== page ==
Resume Length – How Long Should A Resume Be?
When writing your resume, content should be of paramount importance. After all, the resume is your career marketing tool. Its purpose is to draw the interest of the recruiting officer and move your application further along the hiring process.
But recruitment officers go through hundreds of resumes every day. They do not have the time to scrutinize each and every resume that lands on their desk. In fact an eye-tracking study conducted by TheLadders showed that recruiters only spend an average of 6 seconds reviewing resumes.
How much content can a recruiter go through in 6 seconds? It must have taken you 6 seconds to get to this section of this chapter. Surely you cannot risk excluding important details from your work experience.
Considering the speed by which recruiters go through resumes and the importance of content, what then is the correct length of a resume?
Two Schools of Thought on Resume Length
1. Keep It Short
A short resume means it should be kept within one page. Those who advocate short resumes reference the eye-tracking study of TheLadders and argue recruiters only focus on the following key areas:
- Current Title/Designation
- Previous Title/ Company
- Previous Position/ Start and End Dates
- Current Position/ Start and End Dates
Recruiters scan your resume using keywords. The process has become more efficient with the use of Applicant Tracking Systems (ATS) which are software programs designed to help companies scan for specific keywords.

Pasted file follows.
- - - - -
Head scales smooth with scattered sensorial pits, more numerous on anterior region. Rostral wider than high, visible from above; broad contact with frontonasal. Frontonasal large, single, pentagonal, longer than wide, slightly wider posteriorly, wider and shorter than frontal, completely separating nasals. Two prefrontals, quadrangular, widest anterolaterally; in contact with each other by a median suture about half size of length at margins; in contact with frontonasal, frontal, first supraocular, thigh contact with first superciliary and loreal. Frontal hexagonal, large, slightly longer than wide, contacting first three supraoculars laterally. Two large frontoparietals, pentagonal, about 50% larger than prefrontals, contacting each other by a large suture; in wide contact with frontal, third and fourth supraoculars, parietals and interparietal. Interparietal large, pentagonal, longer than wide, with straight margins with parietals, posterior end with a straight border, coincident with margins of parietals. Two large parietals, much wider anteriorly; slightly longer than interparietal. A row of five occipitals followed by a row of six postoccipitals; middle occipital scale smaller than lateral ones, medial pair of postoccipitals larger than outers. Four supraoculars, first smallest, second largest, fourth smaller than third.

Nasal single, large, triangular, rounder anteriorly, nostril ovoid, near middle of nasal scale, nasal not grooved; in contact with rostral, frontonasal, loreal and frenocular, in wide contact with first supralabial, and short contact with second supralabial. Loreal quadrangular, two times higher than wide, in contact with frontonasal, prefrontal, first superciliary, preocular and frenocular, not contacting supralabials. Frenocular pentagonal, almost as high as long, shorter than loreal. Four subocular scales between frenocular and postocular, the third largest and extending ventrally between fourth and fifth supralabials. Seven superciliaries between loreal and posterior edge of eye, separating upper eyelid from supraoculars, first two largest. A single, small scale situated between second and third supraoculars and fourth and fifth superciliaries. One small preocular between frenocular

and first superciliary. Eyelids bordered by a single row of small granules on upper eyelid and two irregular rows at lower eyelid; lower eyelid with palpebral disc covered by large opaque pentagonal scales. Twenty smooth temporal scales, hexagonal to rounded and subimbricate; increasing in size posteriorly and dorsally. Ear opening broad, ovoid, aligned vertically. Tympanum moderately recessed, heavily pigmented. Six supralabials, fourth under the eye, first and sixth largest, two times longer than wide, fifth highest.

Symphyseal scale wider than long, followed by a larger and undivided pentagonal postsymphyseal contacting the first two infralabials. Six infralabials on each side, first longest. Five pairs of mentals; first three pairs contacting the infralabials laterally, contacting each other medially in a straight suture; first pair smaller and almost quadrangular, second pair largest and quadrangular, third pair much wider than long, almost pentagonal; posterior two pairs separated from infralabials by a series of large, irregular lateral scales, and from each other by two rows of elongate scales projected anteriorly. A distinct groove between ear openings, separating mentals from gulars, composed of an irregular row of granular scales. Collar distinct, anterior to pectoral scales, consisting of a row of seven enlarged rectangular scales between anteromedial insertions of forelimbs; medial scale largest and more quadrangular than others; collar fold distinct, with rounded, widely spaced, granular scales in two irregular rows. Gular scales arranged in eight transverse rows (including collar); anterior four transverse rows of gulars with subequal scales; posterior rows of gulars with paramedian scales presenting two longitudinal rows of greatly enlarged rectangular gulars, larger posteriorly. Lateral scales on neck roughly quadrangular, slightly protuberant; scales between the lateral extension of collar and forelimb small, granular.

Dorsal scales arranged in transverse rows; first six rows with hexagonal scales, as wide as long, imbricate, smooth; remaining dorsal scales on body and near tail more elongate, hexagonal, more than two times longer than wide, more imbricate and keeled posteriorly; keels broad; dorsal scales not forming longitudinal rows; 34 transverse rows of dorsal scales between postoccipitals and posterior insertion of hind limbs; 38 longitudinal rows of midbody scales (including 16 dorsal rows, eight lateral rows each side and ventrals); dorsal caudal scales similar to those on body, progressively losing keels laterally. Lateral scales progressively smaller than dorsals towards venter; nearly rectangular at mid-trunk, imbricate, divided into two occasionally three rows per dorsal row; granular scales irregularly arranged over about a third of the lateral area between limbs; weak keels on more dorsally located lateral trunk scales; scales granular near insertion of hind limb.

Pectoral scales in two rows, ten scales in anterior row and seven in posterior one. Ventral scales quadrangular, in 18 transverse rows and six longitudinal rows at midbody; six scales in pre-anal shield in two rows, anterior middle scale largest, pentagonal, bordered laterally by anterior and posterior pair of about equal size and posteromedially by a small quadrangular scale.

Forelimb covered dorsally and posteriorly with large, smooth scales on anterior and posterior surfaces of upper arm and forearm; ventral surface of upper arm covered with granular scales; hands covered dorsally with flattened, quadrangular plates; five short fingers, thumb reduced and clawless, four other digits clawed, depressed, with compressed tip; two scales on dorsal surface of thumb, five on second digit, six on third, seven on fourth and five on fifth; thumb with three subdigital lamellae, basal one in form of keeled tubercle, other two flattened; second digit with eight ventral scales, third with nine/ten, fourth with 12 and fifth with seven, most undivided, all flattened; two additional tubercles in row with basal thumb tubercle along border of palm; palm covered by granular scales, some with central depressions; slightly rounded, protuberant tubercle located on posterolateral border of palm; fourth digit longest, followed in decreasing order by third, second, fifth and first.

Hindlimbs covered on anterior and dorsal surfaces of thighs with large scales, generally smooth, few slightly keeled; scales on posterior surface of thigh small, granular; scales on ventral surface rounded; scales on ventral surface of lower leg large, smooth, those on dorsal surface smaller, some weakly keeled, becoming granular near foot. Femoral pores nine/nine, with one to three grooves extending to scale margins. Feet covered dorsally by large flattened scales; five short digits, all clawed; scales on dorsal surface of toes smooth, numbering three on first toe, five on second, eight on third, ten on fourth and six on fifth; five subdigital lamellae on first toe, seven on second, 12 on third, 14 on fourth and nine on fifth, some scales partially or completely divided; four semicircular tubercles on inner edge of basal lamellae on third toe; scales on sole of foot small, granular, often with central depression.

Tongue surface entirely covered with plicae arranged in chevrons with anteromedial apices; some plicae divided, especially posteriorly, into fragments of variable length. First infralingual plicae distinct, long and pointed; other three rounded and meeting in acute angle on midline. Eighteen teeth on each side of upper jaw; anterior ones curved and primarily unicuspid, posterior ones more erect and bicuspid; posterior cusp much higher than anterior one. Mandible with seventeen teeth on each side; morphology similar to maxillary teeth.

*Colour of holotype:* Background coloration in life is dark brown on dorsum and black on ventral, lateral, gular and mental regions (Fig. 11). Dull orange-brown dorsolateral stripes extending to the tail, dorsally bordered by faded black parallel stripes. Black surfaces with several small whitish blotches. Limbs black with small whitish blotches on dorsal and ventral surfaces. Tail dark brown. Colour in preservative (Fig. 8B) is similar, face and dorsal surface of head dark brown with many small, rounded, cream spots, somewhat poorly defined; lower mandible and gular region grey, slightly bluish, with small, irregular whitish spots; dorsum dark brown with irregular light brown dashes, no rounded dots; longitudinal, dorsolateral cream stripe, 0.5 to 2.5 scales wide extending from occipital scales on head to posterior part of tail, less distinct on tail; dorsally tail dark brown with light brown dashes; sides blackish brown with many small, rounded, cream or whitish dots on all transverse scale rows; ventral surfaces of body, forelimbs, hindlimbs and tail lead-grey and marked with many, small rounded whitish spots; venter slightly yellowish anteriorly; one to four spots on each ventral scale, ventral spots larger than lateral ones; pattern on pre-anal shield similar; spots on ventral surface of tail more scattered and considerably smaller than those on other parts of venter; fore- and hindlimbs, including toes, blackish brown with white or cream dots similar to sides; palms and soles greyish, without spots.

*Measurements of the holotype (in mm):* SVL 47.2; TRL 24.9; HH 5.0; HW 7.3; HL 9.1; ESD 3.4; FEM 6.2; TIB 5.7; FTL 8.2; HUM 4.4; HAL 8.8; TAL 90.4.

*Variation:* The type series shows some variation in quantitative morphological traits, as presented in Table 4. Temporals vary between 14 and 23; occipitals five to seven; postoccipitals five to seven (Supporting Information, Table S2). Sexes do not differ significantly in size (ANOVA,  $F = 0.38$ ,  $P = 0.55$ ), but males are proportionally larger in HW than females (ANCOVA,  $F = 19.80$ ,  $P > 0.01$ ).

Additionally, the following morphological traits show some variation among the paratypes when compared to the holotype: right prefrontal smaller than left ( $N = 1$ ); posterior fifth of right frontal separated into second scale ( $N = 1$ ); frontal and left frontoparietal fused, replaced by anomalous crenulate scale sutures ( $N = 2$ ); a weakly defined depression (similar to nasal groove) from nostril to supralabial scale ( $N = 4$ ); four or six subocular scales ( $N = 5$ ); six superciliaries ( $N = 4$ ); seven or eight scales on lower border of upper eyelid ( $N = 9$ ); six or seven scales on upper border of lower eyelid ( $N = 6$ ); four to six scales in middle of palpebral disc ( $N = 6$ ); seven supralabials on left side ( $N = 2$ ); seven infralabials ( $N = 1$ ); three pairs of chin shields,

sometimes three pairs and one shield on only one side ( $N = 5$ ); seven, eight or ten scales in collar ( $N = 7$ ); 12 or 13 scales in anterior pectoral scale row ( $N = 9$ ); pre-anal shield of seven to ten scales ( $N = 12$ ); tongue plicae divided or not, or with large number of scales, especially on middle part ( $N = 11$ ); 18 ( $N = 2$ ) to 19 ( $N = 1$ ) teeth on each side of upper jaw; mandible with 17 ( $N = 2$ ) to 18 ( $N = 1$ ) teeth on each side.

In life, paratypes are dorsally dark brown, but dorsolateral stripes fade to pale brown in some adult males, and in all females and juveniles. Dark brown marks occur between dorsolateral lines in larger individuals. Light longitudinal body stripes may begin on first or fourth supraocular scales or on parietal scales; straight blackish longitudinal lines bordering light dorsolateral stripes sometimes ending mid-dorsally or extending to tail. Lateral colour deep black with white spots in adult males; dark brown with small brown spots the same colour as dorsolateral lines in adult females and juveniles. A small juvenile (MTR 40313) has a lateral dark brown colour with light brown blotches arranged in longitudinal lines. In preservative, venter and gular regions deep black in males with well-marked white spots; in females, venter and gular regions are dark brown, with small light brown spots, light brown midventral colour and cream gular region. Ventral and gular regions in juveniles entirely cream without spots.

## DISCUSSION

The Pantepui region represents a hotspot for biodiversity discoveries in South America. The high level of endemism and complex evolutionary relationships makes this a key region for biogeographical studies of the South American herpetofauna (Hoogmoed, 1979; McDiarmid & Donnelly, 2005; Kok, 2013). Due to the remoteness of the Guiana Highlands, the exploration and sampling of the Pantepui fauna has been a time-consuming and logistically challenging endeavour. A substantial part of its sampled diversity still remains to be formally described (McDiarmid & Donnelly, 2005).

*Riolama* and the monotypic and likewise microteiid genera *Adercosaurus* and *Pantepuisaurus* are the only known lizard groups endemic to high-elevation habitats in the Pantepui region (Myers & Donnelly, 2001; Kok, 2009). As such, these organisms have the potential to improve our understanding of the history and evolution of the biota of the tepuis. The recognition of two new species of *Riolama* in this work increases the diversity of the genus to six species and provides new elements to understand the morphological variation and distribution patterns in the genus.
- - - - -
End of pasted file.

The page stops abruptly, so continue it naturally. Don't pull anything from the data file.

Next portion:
2. Don’t Scrimp on the Details
Trying to write your resume using a process of elimination would be like playing Russian roulette with your career.
For highly-experienced candidates it would be difficult to keep the resume within one page. Keep in mind that when recruiters scan your work experience they look at details such as:
- Scope of work and responsibilities
- Contributions to company’s success
- Clients, companies and associates you did business with
- Figures and other data that validate contributions
- Career growth path within the organization
Even though recruiters use keywords or even tracking software, they want content that can be validated.
Whether recruiters only spend 6 seconds or 30 seconds on your resume, one thing remains very clear: You should not leave out important details.
Take a look at this entry under Work Experience:
“Responsible for managing the sales requirement of the Florida branch. Generated significant returns within a few months.”
If you were the recruiter, what information did you gain from reading this statement? Nothing. It does not include key information on the exact location of the branch, figures on actual returns or the number of months it took the candidate to achieve the sales requirement.
This otherwise valuable piece of information was rendered useless simply because the applicant purposely left out key details to accommodate a shorter and condensed resume.